The Resurrection of Document Management Systems (DMS). Large law firm DMS sprang back to life. Not only have iManage and NetDocs dramatically upgraded products, they are each building ecosystems that may take them well beyond the core functions of DMS of yore. I am especially intrigued by initiatives to incorporate AI into DMS.
Experience Management Emerges as a New Category. A whole new category of software for large firms — experience management — has emerged and already achieved good penetration. Five years ago, we focused on “experience location”, mainly trying to find lawyers with experience. Today Foundation Software, IntApp Experience, Prosperoware, and Neudesic The Firm Directory all offer platforms to manage experience, including for business development, pricing, finding experienced lawyers, league tables, and knowledge management.
Transaction Management / Closing Platforms Also Emerge. Also new: the emergence of several platforms for managing corporate transactions and the closing process. I sometimes call these deal management platforms. Examples include Doxly, Closing Folders, and Workshare Transact. A side note here: for many years, with eDiscovery so big, it seemed that all the action was in litigation. With the rise of contract analytics and deal management, that no longer seems true.
Three Questions the Current State Raises
Rather than an assessment, I offer three questions firms should answer:
What Software Does the Firm Need? I occasionally think about a reference model of software types law firms should have. It would include the full range: enterprise systems, practice support, mobile apps, general productivity, utilities, and more. Developing that reference model would take much work and likely require crowdsourcing. With the plethora of choices now available, such a list seems even more valuable. Any volunteers?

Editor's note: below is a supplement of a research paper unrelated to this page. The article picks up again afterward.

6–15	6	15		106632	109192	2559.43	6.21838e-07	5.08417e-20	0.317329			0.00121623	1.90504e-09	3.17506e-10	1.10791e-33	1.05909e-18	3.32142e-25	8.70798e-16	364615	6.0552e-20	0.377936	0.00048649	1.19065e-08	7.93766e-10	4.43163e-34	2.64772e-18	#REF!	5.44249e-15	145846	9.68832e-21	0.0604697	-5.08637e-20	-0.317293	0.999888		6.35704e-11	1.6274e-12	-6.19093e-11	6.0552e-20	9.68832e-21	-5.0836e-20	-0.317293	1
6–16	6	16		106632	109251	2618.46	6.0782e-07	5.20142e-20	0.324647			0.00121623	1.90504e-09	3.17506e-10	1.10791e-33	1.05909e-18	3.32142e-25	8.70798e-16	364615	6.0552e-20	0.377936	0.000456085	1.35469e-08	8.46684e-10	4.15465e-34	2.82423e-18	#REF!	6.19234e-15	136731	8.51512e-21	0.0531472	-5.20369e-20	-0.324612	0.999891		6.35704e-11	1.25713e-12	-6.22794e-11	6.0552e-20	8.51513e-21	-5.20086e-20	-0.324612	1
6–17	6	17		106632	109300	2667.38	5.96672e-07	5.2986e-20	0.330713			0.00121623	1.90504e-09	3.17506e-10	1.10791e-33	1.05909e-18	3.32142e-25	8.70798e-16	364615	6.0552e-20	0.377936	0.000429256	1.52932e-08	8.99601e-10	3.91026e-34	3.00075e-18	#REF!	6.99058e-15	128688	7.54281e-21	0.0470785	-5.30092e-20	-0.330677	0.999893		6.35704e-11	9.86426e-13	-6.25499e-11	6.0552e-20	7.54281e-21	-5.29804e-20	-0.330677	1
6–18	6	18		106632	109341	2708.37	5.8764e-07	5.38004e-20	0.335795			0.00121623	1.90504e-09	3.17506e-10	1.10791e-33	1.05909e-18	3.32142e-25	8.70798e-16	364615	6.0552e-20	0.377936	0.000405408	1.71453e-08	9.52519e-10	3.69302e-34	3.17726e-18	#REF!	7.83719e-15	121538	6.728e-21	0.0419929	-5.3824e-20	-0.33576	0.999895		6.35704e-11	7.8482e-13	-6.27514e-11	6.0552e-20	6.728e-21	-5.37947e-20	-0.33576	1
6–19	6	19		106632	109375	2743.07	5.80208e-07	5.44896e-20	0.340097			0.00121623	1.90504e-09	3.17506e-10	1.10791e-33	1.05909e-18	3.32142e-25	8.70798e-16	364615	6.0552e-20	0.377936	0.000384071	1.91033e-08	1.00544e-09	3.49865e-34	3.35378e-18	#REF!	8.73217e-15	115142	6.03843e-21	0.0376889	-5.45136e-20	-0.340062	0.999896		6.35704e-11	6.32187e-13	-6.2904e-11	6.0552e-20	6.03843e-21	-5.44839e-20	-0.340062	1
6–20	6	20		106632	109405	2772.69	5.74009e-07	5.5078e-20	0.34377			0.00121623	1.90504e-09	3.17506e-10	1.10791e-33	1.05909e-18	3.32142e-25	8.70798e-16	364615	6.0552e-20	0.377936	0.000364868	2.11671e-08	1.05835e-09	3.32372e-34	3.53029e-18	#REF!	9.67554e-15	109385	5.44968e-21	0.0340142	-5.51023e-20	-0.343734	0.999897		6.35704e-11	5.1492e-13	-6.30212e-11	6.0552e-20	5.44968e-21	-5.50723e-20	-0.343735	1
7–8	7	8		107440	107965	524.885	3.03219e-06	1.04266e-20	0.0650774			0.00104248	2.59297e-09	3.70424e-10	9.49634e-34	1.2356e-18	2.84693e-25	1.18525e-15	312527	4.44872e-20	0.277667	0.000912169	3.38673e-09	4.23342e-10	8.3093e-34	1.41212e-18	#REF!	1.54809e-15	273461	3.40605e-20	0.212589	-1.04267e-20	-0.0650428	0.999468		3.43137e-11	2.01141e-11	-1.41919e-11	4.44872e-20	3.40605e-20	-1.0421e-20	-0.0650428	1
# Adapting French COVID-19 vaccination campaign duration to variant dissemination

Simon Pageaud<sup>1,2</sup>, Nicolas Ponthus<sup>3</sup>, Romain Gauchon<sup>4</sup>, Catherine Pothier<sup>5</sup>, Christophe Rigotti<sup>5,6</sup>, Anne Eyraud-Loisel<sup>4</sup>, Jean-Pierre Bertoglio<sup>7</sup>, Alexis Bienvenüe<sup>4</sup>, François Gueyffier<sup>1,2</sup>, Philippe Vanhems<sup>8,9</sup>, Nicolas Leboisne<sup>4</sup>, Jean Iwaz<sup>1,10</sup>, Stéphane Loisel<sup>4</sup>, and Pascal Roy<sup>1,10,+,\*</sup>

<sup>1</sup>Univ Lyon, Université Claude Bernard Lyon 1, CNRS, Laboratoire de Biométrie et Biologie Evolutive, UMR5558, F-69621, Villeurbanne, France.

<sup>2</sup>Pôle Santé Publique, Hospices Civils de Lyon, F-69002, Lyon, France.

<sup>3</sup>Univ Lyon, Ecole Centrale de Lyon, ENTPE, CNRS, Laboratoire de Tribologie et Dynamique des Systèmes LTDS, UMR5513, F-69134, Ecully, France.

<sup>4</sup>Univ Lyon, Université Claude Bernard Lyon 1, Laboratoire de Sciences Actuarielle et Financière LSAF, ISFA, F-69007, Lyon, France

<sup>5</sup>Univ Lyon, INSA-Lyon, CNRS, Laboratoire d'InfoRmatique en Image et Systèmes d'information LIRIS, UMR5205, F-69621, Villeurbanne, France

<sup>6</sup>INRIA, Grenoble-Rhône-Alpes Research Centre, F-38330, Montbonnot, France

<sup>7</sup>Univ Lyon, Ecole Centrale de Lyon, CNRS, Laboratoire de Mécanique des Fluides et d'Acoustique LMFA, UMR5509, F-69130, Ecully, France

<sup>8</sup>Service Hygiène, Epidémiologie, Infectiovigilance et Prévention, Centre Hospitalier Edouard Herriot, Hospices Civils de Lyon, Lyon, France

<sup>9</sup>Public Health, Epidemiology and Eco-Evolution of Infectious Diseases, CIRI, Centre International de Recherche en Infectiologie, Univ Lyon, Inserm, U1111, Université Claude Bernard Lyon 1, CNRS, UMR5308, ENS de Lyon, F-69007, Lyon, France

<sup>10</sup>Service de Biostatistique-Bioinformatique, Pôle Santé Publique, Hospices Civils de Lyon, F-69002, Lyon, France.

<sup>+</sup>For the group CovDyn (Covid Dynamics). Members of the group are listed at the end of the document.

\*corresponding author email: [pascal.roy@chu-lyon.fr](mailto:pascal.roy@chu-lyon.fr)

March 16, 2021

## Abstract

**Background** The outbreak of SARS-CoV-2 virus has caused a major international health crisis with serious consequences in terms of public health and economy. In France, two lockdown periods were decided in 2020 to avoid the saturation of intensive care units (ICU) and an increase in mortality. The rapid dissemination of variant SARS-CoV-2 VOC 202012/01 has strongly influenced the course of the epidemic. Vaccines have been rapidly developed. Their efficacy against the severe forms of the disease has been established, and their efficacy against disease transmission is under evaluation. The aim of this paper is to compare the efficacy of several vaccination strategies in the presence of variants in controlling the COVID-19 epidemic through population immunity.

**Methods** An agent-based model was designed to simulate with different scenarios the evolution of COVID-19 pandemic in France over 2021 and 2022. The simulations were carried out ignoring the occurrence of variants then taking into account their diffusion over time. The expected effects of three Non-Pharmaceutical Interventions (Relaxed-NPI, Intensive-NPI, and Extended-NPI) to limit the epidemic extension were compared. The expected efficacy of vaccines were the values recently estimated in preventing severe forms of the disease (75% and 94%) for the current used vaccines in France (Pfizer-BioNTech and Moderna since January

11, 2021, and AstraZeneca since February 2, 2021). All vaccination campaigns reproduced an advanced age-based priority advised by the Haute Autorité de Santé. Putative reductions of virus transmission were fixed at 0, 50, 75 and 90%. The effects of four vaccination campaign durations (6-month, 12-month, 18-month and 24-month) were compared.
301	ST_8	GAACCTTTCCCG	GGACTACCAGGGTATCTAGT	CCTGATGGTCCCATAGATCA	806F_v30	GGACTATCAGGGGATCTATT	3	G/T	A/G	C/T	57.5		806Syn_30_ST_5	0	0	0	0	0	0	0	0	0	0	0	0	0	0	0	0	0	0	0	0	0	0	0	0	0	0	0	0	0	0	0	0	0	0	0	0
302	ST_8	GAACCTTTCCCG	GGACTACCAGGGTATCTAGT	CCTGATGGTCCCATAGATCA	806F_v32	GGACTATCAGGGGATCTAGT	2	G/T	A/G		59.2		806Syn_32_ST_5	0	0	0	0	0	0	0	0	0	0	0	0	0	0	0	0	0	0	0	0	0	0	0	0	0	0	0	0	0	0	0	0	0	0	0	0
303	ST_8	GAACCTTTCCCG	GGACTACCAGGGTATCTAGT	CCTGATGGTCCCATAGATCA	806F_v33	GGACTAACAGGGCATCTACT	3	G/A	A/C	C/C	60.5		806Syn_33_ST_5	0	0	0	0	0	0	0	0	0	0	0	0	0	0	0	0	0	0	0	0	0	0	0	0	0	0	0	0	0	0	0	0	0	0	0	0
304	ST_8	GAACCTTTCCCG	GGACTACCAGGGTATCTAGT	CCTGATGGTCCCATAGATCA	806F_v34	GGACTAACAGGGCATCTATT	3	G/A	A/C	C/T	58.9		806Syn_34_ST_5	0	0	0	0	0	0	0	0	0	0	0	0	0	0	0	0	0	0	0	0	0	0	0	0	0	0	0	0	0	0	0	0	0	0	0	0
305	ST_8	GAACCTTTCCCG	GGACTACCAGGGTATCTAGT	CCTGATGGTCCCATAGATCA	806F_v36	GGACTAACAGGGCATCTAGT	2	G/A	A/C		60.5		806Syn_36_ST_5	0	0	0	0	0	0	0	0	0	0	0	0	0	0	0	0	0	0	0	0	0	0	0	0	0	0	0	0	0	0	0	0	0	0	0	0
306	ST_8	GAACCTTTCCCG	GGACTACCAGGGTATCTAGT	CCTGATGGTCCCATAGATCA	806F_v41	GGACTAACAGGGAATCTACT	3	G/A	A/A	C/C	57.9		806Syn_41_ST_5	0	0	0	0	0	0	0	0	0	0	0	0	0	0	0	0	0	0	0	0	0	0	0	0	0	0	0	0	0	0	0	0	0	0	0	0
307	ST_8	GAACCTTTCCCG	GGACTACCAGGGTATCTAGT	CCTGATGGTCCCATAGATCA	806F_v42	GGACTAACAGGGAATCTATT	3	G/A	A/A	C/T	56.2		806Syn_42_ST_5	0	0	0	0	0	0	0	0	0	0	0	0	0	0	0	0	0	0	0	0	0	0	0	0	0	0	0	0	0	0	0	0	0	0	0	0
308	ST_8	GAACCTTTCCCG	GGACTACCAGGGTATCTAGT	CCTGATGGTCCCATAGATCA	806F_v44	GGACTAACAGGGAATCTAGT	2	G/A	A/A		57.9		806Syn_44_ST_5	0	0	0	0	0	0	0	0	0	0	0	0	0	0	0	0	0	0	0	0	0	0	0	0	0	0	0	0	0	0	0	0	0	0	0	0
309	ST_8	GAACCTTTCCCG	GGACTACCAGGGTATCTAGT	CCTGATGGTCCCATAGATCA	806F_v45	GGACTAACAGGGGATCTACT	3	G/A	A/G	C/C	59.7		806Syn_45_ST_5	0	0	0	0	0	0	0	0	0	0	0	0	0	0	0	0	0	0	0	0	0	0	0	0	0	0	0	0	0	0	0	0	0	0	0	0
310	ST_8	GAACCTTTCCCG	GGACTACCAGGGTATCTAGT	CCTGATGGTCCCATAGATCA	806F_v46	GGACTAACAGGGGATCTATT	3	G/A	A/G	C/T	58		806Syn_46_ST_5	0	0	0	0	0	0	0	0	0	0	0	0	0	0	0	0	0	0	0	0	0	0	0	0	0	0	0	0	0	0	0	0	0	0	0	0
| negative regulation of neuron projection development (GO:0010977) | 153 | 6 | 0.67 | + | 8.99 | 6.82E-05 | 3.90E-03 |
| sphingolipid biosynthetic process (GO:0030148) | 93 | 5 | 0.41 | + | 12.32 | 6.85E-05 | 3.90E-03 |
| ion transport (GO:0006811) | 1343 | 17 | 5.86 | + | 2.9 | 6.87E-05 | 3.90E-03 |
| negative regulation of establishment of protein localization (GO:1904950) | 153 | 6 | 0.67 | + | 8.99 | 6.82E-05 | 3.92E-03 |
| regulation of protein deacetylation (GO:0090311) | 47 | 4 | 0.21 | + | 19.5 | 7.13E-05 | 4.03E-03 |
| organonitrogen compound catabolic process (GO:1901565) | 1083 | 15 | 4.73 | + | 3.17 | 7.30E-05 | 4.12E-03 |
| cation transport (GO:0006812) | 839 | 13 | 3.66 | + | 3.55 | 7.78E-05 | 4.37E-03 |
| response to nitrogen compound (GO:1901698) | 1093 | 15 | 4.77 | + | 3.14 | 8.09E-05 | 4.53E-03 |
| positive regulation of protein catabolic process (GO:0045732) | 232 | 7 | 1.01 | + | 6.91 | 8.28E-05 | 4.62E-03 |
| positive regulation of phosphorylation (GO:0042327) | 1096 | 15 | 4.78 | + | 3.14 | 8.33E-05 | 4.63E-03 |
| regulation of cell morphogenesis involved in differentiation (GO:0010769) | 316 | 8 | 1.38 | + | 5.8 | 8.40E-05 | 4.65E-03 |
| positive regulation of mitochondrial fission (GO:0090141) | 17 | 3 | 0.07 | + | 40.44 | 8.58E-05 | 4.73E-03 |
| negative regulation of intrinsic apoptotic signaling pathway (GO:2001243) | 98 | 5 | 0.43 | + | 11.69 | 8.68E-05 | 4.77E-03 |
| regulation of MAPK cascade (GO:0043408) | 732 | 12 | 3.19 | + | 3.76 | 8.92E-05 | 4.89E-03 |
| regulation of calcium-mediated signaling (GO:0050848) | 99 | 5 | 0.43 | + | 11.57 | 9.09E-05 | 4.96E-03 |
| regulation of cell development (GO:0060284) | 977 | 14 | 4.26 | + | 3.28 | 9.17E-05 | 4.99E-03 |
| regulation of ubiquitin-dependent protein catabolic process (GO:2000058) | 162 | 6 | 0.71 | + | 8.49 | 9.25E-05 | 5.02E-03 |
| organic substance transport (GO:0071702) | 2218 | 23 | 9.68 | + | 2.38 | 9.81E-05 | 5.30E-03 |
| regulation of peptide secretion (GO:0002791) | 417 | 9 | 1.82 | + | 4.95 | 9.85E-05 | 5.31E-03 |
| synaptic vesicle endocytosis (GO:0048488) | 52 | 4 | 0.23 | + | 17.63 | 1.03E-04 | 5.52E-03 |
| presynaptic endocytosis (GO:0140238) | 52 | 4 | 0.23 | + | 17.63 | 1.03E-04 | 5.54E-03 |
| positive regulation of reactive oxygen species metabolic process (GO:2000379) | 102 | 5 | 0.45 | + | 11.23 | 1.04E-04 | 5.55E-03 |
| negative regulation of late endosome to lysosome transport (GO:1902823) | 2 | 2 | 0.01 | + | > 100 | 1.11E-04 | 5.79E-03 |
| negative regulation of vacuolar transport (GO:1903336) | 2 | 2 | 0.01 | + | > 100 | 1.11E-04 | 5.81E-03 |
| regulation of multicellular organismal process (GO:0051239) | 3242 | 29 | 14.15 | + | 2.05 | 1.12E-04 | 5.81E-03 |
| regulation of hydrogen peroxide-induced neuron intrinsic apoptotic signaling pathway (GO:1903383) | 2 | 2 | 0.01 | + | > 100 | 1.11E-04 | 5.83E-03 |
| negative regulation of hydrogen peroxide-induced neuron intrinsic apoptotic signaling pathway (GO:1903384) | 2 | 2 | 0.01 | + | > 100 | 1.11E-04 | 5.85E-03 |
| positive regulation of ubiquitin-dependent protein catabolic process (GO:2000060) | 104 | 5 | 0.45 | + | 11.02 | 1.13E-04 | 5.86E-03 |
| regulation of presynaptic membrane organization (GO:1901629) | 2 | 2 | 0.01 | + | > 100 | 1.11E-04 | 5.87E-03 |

When Should the Firm Buy What It Needs? Law firms frequently struggle with timing of software licensing. Some of that turns on budgets and always will. But some also depends on the answer to “is it really ready and, on a related note, if I wait, will there be a better choice next year?” There’s never an easy answer and I suspect law firms have generally waited too long. Perhaps the current innovation mania will prompt earlier buys.
How Should the Firm Think About All-in-One versus Best in Breed? So many software choices raises the question, and perhaps false dichotomy, of best of breed software (with custom integrations) or all-in-one. Short term, I doubt all-in-one will meet all of a large law firm’s needs.
My treatment is necessarily incomplete. Other issues loom large: change management and adoption, shifting business models (both in law firms and software providers), future-proofing decisions, switching costs, and training are only a few.
Multiple buying options tend to bewilder. But I prefer the lush legal software landscape today to the arid one of a few years ago. And firms ought to be thrilled at the choice. At one time, software decisions hardly matter — clients would never notice the difference. Today, smart firms can buy (or build) software that differentiates their firm from competition. And that’s a good place for both firms and clients.
End Note: Just as I was finishing this, I read Dennis Kennedy’s blog post, Legal Technology Definition Quadrant Chart 1.0, which provides a succinct way of thinking about legal technology writ large. As of publication time, there is an active LinkedIn conversation about this post. So both Dennis and I have been thinking about how to characterize aspects of the legal software landscape.